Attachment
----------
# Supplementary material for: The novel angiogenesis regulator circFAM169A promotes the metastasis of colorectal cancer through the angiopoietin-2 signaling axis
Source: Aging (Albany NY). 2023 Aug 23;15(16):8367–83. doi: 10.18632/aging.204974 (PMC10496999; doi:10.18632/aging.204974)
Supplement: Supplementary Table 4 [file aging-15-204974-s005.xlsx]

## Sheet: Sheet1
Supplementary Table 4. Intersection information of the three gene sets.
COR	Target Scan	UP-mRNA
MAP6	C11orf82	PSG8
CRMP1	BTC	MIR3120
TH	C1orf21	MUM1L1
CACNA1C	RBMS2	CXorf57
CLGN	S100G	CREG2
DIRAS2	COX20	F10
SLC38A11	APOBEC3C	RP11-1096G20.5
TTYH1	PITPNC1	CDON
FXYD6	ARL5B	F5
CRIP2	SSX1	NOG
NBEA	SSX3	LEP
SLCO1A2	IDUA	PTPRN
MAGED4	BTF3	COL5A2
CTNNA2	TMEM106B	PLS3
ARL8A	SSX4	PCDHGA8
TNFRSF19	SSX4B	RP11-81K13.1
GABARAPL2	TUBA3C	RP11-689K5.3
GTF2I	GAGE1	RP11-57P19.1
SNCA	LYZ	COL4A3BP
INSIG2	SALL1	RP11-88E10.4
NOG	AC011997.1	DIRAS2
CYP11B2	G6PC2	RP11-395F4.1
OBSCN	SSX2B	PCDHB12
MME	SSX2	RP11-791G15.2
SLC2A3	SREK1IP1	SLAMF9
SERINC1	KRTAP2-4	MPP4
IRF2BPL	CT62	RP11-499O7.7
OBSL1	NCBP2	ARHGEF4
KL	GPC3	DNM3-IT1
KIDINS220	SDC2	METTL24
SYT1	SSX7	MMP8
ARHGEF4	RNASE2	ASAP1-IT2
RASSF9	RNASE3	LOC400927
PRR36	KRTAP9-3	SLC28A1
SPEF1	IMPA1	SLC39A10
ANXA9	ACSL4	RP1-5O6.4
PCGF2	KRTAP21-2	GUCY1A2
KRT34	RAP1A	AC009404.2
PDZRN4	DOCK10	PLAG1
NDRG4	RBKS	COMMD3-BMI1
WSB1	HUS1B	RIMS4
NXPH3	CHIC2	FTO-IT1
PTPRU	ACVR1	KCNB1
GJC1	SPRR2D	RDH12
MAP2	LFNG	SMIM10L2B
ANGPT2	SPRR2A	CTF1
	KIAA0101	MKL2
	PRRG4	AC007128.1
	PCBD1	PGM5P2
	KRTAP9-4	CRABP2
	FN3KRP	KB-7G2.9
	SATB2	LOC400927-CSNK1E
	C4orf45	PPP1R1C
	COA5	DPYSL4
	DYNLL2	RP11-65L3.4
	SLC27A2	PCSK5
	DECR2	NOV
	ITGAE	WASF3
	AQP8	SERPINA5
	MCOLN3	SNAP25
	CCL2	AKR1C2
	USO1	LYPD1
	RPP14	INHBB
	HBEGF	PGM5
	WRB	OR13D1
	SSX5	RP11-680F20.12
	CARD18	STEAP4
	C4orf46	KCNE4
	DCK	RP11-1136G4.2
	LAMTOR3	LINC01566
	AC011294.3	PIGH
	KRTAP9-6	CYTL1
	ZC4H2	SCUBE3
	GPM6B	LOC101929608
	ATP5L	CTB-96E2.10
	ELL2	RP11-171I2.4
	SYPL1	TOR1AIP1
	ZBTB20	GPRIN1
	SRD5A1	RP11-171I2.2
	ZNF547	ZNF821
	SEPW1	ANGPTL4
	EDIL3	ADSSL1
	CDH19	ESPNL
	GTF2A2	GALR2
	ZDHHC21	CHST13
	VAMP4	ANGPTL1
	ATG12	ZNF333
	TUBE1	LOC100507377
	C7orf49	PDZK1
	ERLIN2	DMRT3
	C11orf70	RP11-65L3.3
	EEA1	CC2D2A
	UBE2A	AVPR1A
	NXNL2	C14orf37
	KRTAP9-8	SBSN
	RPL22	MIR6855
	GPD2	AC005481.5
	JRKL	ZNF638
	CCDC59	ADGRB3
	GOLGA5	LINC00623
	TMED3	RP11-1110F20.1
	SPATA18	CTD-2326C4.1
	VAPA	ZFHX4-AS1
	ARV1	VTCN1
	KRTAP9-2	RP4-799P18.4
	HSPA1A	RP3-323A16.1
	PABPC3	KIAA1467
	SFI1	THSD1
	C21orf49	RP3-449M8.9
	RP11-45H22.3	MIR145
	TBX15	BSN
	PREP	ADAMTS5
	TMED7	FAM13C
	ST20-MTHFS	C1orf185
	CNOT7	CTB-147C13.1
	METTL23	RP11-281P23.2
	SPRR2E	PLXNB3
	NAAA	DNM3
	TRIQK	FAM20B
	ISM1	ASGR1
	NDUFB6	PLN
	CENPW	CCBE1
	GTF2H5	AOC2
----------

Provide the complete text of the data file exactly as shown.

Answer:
# Supplementary material for: The novel angiogenesis regulator circFAM169A promotes the metastasis of colorectal cancer through the angiopoietin-2 signaling axis
Source: Aging (Albany NY). 2023 Aug 23;15(16):8367–83. doi: 10.18632/aging.204974 (PMC10496999; doi:10.18632/aging.204974)
Supplement: Supplementary Table 4 [file aging-15-204974-s005.xlsx]

## Sheet: Sheet1
Supplementary Table 4. Intersection information of the three gene sets.
COR	Target Scan	UP-mRNA
MAP6	C11orf82	PSG8
CRMP1	BTC	MIR3120
TH	C1orf21	MUM1L1
CACNA1C	RBMS2	CXorf57
CLGN	S100G	CREG2
DIRAS2	COX20	F10
SLC38A11	APOBEC3C	RP11-1096G20.5
TTYH1	PITPNC1	CDON
FXYD6	ARL5B	F5
CRIP2	SSX1	NOG
NBEA	SSX3	LEP
SLCO1A2	IDUA	PTPRN
MAGED4	BTF3	COL5A2
CTNNA2	TMEM106B	PLS3
ARL8A	SSX4	PCDHGA8
TNFRSF19	SSX4B	RP11-81K13.1
GABARAPL2	TUBA3C	RP11-689K5.3
GTF2I	GAGE1	RP11-57P19.1
SNCA	LYZ	COL4A3BP
INSIG2	SALL1	RP11-88E10.4
NOG	AC011997.1	DIRAS2
CYP11B2	G6PC2	RP11-395F4.1
OBSCN	SSX2B	PCDHB12
MME	SSX2	RP11-791G15.2
SLC2A3	SREK1IP1	SLAMF9
SERINC1	KRTAP2-4	MPP4
IRF2BPL	CT62	RP11-499O7.7
OBSL1	NCBP2	ARHGEF4
KL	GPC3	DNM3-IT1
KIDINS220	SDC2	METTL24
SYT1	SSX7	MMP8
ARHGEF4	RNASE2	ASAP1-IT2
RASSF9	RNASE3	LOC400927
PRR36	KRTAP9-3	SLC28A1
SPEF1	IMPA1	SLC39A10
ANXA9	ACSL4	RP1-5O6.4
PCGF2	KRTAP21-2	GUCY1A2
KRT34	RAP1A	AC009404.2
PDZRN4	DOCK10	PLAG1
NDRG4	RBKS	COMMD3-BMI1
WSB1	HUS1B	RIMS4
NXPH3	CHIC2	FTO-IT1
PTPRU	ACVR1	KCNB1
GJC1	SPRR2D	RDH12
MAP2	LFNG	SMIM10L2B
ANGPT2	SPRR2A	CTF1
	KIAA0101	MKL2
	PRRG4	AC007128.1
	PCBD1	PGM5P2
	KRTAP9-4	CRABP2
	FN3KRP	KB-7G2.9
	SATB2	LOC400927-CSNK1E
	C4orf45	PPP1R1C
	COA5	DPYSL4
	DYNLL2	RP11-65L3.4
	SLC27A2	PCSK5
	DECR2	NOV
	ITGAE	WASF3
	AQP8	SERPINA5
	MCOLN3	SNAP25
	CCL2	AKR1C2
	USO1	LYPD1
	RPP14	INHBB
	HBEGF	PGM5
	WRB	OR13D1
	SSX5	RP11-680F20.12
	CARD18	STEAP4
	C4orf46	KCNE4
	DCK	RP11-1136G4.2
	LAMTOR3	LINC01566
	AC011294.3	PIGH
	KRTAP9-6	CYTL1
	ZC4H2	SCUBE3
	GPM6B	LOC101929608
	ATP5L	CTB-96E2.10
	ELL2	RP11-171I2.4
	SYPL1	TOR1AIP1
	ZBTB20	GPRIN1
	SRD5A1	RP11-171I2.2
	ZNF547	ZNF821
	SEPW1	ANGPTL4
	EDIL3	ADSSL1
	CDH19	ESPNL
	GTF2A2	GALR2
	ZDHHC21	CHST13
	VAMP4	ANGPTL1
	ATG12	ZNF333
	TUBE1	LOC100507377
	C7orf49	PDZK1
	ERLIN2	DMRT3
	C11orf70	RP11-65L3.3
	EEA1	CC2D2A
	UBE2A	AVPR1A
	NXNL2	C14orf37
	KRTAP9-8	SBSN
	RPL22	MIR6855
	GPD2	AC005481.5
	JRKL	ZNF638
	CCDC59	ADGRB3
	GOLGA5	LINC00623
	TMED3	RP11-1110F20.1
	SPATA18	CTD-2326C4.1
	VAPA	ZFHX4-AS1
	ARV1	VTCN1
	KRTAP9-2	RP4-799P18.4
	HSPA1A	RP3-323A16.1
	PABPC3	KIAA1467
	SFI1	THSD1
	C21orf49	RP3-449M8.9
	RP11-45H22.3	MIR145
	TBX15	BSN
	PREP	ADAMTS5
	TMED7	FAM13C
	ST20-MTHFS	C1orf185
	CNOT7	CTB-147C13.1
	METTL23	RP11-281P23.2
	SPRR2E	PLXNB3
	NAAA	DNM3
	TRIQK	FAM20B
	ISM1	ASGR1
	NDUFB6	PLN
	CENPW	CCBE1
	GTF2H5	AOC2